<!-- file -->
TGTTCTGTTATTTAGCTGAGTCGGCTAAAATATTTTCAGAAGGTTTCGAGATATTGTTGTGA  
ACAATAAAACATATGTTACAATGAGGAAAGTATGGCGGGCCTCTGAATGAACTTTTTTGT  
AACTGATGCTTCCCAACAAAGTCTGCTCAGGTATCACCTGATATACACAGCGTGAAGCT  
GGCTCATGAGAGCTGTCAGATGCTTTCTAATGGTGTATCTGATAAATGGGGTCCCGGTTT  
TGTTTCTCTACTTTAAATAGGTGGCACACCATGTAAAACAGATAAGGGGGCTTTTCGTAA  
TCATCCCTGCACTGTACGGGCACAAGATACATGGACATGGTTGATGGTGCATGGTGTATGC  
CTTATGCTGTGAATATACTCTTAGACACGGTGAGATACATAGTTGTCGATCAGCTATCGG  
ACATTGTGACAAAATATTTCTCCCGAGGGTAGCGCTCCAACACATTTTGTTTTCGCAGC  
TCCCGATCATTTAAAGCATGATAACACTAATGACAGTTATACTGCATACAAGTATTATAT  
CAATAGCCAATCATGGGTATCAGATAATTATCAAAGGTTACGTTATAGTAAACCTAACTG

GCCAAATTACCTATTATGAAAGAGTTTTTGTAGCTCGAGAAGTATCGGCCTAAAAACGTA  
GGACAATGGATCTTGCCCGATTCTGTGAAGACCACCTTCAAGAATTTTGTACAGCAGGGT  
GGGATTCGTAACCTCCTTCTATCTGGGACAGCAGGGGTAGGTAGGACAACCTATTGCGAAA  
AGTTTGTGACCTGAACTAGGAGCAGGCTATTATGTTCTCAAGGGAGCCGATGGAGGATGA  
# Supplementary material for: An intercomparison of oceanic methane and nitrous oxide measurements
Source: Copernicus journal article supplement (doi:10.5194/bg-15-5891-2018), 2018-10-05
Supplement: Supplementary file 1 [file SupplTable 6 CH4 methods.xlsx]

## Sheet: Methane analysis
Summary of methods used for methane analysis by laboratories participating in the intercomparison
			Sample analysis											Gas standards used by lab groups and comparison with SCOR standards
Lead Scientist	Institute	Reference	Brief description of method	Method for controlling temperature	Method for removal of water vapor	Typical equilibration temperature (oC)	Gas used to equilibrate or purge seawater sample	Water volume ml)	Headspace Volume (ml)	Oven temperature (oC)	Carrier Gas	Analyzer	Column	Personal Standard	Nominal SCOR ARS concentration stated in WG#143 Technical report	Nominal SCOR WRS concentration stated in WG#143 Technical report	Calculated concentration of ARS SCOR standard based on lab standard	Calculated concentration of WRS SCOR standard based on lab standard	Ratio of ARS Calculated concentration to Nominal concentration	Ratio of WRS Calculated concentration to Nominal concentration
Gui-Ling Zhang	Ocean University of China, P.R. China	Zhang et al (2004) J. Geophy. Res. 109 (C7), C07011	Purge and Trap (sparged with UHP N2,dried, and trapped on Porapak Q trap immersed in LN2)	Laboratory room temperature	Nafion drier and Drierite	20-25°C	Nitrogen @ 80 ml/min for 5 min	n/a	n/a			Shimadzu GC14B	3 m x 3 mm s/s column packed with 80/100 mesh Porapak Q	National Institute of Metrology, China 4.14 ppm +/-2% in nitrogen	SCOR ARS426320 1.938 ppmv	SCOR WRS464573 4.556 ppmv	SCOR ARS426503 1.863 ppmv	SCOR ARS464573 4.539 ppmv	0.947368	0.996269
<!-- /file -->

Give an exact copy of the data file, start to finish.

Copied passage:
TGTTCTGTTATTTAGCTGAGTCGGCTAAAATATTTTCAGAAGGTTTCGAGATATTGTTGTGA  
ACAATAAAACATATGTTACAATGAGGAAAGTATGGCGGGCCTCTGAATGAACTTTTTTGT  
AACTGATGCTTCCCAACAAAGTCTGCTCAGGTATCACCTGATATACACAGCGTGAAGCT  
GGCTCATGAGAGCTGTCAGATGCTTTCTAATGGTGTATCTGATAAATGGGGTCCCGGTTT  
TGTTTCTCTACTTTAAATAGGTGGCACACCATGTAAAACAGATAAGGGGGCTTTTCGTAA  
TCATCCCTGCACTGTACGGGCACAAGATACATGGACATGGTTGATGGTGCATGGTGTATGC  
CTTATGCTGTGAATATACTCTTAGACACGGTGAGATACATAGTTGTCGATCAGCTATCGG  
ACATTGTGACAAAATATTTCTCCCGAGGGTAGCGCTCCAACACATTTTGTTTTCGCAGC  
TCCCGATCATTTAAAGCATGATAACACTAATGACAGTTATACTGCATACAAGTATTATAT  
CAATAGCCAATCATGGGTATCAGATAATTATCAAAGGTTACGTTATAGTAAACCTAACTG

GCCAAATTACCTATTATGAAAGAGTTTTTGTAGCTCGAGAAGTATCGGCCTAAAAACGTA  
GGACAATGGATCTTGCCCGATTCTGTGAAGACCACCTTCAAGAATTTTGTACAGCAGGGT  
GGGATTCGTAACCTCCTTCTATCTGGGACAGCAGGGGTAGGTAGGACAACCTATTGCGAAA  
AGTTTGTGACCTGAACTAGGAGCAGGCTATTATGTTCTCAAGGGAGCCGATGGAGGATGA  
# Supplementary material for: An intercomparison of oceanic methane and nitrous oxide measurements
Source: Copernicus journal article supplement (doi:10.5194/bg-15-5891-2018), 2018-10-05
Supplement: Supplementary file 1 [file SupplTable 6 CH4 methods.xlsx]

## Sheet: Methane analysis
Summary of methods used for methane analysis by laboratories participating in the intercomparison
			Sample analysis											Gas standards used by lab groups and comparison with SCOR standards
Lead Scientist	Institute	Reference	Brief description of method	Method for controlling temperature	Method for removal of water vapor	Typical equilibration temperature (oC)	Gas used to equilibrate or purge seawater sample	Water volume ml)	Headspace Volume (ml)	Oven temperature (oC)	Carrier Gas	Analyzer	Column	Personal Standard	Nominal SCOR ARS concentration stated in WG#143 Technical report	Nominal SCOR WRS concentration stated in WG#143 Technical report	Calculated concentration of ARS SCOR standard based on lab standard	Calculated concentration of WRS SCOR standard based on lab standard	Ratio of ARS Calculated concentration to Nominal concentration	Ratio of WRS Calculated concentration to Nominal concentration
Gui-Ling Zhang	Ocean University of China, P.R. China	Zhang et al (2004) J. Geophy. Res. 109 (C7), C07011	Purge and Trap (sparged with UHP N2,dried, and trapped on Porapak Q trap immersed in LN2)	Laboratory room temperature	Nafion drier and Drierite	20-25°C	Nitrogen @ 80 ml/min for 5 min	n/a	n/a			Shimadzu GC14B	3 m x 3 mm s/s column packed with 80/100 mesh Porapak Q	National Institute of Metrology, China 4.14 ppm +/-2% in nitrogen	SCOR ARS426320 1.938 ppmv	SCOR WRS464573 4.556 ppmv	SCOR ARS426503 1.863 ppmv	SCOR ARS464573 4.539 ppmv	0.947368	0.996269